The Man Behind the Mask
The interwoven strips of linen that form the concentric square design over the mummy’s face are the most striking feature of this mummy and what distinguishes it from others. However, the body beneath the linen is remarkably well preserved. X-rays revealed that the mummy was an adult male from the Ptolemaic Period, according to the Louvre (305 BC to 30 BC). He was wealthy enough during his mortal life to be mummified after death, ensuring his survival into the afterlife. The researchers at the museum are unsure of the man’s name, but they believe it is Pachery or Nenu.
In addition to the geometric twisted square pattern on the mummy’s face. The rest of the mummy’s body is covered in cartonnage, which includes thick shoulders, a neckband draped over the chest, an ornamental apron across the legs, and casing around the feet. From 2181 BC to 400 AD, cartonnage was a type of material used in Ancient Egyptian funerary masks and décor. It is made in the same way as papier-mâché, with layers of linen or papyrus covered in plaster and then painted.
The Mask and Apron
On top of the square linen design was a face mask decorated with a winged scarab, a symbol of rebirth (which now sits beside the mummy). The mummy’s neckband depicts the goddesses and sisters Nephthys and Isis as protectors of the mummy. The neckband is also embellished with multiple rows of beads and falcon-headed clasps.
The mummy’s apron features various scenes arranged in registers along its length. The most notable of these registers depicts the mummy laying on a bed surrounded by the goddesses Nephthys and Isis, as well as Horus’ four sons, Imsety, Duamutef, Hapi, and Qebehsenuef. The four sons of Horus are frequently regarded as personifications of the four canopic jars, which represent the liver, stomach, lungs, and intestines, respectively.
The Canopic Jars
Except for the heart and brain, the man’s main organs were preserved in jars alongside his mummified body. Because the heart was thought to embody the soul and thus needed to be accessible for passage into the realm of the dead, it was left outside of the body and the jars. Because it was thought that the brain was the source of mucus, it was reduced to liquid, removed with metal hooks, and discarded.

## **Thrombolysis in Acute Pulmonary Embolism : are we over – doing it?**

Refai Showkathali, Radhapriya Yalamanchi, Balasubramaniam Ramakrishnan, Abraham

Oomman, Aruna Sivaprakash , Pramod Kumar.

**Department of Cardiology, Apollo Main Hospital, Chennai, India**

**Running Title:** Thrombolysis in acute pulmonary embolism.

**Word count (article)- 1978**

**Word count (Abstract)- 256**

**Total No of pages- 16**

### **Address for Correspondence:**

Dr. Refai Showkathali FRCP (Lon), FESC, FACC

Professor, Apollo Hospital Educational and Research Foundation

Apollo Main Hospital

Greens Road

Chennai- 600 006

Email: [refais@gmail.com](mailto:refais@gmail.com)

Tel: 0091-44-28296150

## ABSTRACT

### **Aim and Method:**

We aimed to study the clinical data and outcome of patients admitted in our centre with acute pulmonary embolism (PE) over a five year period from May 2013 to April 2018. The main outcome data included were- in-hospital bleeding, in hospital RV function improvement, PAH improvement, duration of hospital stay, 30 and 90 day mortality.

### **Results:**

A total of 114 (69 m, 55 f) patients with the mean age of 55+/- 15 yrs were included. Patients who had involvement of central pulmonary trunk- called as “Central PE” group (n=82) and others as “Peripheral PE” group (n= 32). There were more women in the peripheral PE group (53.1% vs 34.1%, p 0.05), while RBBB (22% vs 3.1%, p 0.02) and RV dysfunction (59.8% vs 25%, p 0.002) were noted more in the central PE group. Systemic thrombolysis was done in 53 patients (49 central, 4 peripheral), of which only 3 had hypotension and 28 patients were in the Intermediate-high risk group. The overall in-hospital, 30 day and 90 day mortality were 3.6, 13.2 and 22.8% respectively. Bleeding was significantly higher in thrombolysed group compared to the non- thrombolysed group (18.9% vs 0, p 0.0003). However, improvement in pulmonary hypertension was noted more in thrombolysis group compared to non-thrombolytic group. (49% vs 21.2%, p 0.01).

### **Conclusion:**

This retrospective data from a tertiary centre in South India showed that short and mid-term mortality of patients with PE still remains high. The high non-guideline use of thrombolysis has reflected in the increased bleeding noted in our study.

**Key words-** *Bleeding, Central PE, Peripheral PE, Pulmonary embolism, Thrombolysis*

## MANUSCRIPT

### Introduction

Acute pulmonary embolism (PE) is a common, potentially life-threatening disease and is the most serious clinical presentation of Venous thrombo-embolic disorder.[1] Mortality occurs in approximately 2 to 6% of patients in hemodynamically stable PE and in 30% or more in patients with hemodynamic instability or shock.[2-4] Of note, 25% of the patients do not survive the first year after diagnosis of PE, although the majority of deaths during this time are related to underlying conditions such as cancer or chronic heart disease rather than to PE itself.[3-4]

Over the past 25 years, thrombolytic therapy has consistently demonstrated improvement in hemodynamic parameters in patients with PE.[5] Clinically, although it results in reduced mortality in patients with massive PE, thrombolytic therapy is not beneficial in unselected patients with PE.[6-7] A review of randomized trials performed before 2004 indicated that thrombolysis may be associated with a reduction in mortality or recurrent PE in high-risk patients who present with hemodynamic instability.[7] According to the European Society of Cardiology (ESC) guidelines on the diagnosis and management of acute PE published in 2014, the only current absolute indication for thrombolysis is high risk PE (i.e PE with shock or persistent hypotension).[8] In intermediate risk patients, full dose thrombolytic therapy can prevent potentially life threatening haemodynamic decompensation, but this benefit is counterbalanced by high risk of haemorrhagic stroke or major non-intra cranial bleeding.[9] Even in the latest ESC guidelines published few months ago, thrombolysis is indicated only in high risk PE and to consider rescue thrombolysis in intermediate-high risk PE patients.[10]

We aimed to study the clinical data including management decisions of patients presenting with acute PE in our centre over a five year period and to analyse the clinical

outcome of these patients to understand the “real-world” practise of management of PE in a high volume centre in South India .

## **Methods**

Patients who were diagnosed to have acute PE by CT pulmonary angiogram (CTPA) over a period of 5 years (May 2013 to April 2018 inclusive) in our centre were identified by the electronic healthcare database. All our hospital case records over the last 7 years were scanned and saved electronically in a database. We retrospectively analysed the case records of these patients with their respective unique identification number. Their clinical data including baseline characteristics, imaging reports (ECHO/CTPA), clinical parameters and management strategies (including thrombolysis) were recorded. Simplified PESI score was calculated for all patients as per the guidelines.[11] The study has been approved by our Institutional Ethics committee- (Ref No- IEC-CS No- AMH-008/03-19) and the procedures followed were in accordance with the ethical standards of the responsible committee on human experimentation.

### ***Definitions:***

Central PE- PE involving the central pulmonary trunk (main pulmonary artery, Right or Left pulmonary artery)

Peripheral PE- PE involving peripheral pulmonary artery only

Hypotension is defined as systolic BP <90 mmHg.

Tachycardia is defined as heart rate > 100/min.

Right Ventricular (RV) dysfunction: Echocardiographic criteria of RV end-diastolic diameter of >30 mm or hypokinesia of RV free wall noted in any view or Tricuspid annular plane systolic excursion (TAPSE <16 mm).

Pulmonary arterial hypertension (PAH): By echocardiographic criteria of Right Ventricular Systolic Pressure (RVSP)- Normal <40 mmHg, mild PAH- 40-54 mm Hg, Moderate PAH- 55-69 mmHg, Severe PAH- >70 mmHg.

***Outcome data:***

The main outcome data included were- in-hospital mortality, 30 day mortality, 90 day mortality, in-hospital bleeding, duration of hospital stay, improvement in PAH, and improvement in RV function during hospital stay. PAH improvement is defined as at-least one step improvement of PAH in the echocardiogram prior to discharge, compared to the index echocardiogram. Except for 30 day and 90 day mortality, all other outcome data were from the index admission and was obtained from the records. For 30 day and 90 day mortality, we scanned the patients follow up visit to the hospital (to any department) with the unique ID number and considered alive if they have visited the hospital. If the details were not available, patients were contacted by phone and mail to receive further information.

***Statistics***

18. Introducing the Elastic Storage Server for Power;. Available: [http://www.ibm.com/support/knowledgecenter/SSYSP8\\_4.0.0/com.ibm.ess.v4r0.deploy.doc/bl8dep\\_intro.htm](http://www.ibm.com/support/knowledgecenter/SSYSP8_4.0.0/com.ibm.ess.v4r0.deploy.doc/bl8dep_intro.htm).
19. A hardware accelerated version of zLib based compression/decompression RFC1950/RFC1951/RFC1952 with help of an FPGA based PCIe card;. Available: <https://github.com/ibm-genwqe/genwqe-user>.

The Foot Casings
Two images of the god Anubis or Anpu, the god of cemeteries and embalming, can be found on the mummy’s foot casings. This god was discovered on many mummies because he was the one who weighed the deceased’s heart against the weight of a feather to determine whether the soul would be allowed to enter the realm of the dead.
Making a Mummy
There were various practices and associated prices with different mummification processes, just as there are today. Herodotus, a Greek historian, wrote a detailed description of these various practices around 450 BC. He described the “most perfect process” as removing the brain through the nostrils and other decaying internal organs. The organs were then placed in canopic jars, as previously described. After cleaning the body cavity with palm oil, it was filled with “the purest bruised myrrh, cassia, and every other kind of spicery except frankincense.”At the end of the process, the body was wrapped in linen and dipped in resin or gum before being returned to the family and placed in a wooden case.” Throughout this process, priests would place numerous protective amulets among the wrappings. This is probably the type of mummification that Pachery/Nenu would have undergone.
The elaborate mummification process and wrappings of this man indicate that he was a wealthy man. Not everyone in Ancient Egypt had the same luck as him; many were simply buried in the desert with a few small offerings to the gods. The mummies at the start of the mummification process were nowhere near as elaborate as this one. In reality, they were nothing more than linen-wrapped bodies dipped in resin. The process and wrappings became more sophisticated over time.Mummies from the Greco-Roman period were often notable for their highly intricate woven linen designs, as well as their adornments, masks, and cartonnage. All of these elements were added to the mummy before it was placed inside a coffin during the Ptolemaic Period.